Price: $7620
www.ridley-bikes.com


COLNAGO G3-X

From one of Italy’s most venerable road bike brands comes the G3-X gravel bike that celebrates its heritage with an Italian spec that includes a Campagnolo Ekar drivetrain and Shamal wheels, Deda components, and Vittoria tires. Ridden to victory at last year’s Unbound 200 by Lauren De Crescenzo, the frame has internal routing, a bash guard and room for 42mm tires. Available in five sizes and two colors.

Price: $5000
www.colnago.com


3T RACEMAX

When it comes to going fast off-road, the Gerard Vroomen-designed Race Max is ready to answer the call, thanks to a carbon frame that has been aero optimized in every way possible. Available as a frameset ($3500) or a complete bike, the Campagnolo Ekar spec’d bike rolls on Fulcrum 650b wheels to lay down as fat a tread as possible.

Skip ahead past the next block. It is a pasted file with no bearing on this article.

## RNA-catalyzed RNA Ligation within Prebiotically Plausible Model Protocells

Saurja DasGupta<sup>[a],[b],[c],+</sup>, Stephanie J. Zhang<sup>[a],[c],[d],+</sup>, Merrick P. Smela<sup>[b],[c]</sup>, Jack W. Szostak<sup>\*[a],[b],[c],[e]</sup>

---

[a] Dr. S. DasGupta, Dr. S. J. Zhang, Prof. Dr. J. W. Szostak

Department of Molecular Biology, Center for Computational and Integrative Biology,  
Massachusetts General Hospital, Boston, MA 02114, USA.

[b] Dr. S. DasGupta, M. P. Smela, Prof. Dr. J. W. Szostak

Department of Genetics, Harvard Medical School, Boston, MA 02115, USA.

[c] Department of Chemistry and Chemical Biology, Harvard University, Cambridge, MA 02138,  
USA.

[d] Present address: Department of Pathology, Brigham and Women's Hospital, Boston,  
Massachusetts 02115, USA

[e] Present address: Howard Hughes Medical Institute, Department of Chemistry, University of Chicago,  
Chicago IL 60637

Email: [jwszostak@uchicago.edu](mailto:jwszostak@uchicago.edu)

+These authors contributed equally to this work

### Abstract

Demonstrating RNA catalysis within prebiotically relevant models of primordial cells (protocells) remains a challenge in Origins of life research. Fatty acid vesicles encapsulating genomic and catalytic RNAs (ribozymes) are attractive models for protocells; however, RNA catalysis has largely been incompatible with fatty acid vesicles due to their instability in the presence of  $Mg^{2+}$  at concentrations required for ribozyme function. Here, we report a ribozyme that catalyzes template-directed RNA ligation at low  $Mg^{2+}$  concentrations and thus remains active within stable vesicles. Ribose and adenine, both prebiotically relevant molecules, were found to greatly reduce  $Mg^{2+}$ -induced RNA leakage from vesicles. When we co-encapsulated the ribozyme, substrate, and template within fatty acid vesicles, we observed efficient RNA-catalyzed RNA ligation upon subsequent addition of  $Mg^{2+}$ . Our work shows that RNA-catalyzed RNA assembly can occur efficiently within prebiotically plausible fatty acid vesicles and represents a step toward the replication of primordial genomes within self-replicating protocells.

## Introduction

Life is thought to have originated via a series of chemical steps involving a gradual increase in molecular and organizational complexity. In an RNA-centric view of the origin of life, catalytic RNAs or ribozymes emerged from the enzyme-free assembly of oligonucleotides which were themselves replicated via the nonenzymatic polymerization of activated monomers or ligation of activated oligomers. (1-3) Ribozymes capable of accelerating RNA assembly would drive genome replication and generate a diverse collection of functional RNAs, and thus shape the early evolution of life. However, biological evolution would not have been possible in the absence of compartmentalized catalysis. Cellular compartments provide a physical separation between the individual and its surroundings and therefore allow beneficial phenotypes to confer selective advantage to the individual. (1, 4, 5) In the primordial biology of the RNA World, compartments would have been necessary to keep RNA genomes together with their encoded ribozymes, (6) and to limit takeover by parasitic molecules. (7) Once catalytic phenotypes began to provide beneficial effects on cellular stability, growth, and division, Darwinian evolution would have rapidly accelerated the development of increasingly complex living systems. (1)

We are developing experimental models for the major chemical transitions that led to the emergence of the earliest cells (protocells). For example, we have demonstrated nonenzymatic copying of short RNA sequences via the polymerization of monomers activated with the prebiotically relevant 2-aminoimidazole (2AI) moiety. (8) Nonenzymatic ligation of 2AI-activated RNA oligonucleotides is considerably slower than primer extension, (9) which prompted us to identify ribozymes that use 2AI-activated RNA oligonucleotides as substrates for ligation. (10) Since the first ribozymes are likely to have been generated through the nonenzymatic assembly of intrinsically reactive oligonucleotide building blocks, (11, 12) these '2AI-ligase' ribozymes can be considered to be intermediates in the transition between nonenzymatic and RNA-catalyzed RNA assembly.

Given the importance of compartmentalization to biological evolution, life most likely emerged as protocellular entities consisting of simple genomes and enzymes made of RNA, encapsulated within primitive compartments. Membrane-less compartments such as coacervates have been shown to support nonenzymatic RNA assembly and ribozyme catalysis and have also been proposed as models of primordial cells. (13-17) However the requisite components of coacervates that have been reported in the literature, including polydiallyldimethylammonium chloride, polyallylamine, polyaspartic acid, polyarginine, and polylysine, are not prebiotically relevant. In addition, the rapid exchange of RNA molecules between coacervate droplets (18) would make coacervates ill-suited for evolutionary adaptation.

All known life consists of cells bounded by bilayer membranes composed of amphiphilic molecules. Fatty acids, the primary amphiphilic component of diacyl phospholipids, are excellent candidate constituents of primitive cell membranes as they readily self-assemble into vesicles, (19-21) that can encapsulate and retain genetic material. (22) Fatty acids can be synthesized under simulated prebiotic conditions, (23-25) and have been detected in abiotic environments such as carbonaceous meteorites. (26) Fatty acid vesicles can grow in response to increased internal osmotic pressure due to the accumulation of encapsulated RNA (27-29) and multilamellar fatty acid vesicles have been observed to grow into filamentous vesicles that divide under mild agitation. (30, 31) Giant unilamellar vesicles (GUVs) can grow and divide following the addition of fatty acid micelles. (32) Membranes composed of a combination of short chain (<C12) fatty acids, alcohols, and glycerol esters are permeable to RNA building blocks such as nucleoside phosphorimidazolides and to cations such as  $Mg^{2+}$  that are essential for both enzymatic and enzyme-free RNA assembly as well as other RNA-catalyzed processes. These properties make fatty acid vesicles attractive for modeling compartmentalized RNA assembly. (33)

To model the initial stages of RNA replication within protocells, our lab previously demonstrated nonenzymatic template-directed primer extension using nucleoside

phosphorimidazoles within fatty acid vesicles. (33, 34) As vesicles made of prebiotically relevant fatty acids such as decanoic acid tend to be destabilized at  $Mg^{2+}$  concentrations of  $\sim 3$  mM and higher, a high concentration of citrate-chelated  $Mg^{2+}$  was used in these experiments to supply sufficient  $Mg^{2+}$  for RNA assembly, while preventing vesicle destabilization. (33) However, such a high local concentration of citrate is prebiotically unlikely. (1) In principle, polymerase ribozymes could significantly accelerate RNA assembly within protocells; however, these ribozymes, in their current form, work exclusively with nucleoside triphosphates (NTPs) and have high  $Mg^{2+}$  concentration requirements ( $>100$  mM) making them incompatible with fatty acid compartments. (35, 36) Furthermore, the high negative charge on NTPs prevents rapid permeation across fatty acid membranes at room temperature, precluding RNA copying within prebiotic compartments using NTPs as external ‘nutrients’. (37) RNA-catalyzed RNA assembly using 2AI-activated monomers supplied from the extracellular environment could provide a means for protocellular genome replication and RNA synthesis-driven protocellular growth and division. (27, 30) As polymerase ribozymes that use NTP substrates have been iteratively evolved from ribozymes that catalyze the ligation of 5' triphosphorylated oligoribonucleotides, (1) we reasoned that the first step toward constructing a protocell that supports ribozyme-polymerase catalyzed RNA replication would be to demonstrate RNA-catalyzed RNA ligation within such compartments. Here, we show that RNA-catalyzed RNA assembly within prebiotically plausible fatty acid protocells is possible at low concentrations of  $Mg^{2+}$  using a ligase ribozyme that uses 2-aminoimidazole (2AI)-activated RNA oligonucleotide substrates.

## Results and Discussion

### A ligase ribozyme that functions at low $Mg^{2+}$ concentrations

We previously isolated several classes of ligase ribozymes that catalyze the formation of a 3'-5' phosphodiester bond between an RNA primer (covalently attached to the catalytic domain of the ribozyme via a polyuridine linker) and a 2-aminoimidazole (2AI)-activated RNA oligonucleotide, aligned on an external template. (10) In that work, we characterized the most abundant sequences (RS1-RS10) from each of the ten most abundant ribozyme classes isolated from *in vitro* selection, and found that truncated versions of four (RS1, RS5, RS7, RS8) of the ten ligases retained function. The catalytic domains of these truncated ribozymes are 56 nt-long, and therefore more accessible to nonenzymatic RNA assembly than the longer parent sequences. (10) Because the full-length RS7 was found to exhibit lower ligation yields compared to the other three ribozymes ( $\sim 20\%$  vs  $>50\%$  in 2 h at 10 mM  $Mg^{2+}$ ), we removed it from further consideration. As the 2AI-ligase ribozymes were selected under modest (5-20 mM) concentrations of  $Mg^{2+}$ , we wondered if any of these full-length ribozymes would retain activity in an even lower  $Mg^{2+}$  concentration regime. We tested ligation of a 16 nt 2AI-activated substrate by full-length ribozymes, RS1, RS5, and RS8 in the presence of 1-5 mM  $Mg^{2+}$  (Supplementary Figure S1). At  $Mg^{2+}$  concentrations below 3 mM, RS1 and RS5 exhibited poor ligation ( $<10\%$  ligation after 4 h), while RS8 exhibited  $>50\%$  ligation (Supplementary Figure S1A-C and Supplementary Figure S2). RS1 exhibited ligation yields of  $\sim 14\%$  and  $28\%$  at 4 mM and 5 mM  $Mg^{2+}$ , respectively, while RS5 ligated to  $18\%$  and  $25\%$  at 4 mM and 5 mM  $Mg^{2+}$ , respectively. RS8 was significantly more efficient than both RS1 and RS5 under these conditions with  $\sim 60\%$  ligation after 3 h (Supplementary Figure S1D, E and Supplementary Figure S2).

Price: $5999
www.3t.bike

LITESPEED ULTIMATE GRAVEL

Litespeed’s Ultimate Gravel blends weight, stiffness and aerodynamics for a speed-oriented gravel bike with a classic titanium aesthetic and ride quality. Frames are available starting at $2565, and a Shimano GRX 1x build starts at $4095.

Price: $4095
www.litespeed.com

LAUF TRUE GRIT RACE

Along with their proprietary suspension fork, the True Grit is also built with their special glass-fiber-integrated carbon handlebars to bring even more compliance. The bike is sold in four builds, ranging from $2790 to $6590, and is now available in sizes XS to XL.

Price: $3590

www.laufcycling.com

BIANCHI ARCADEX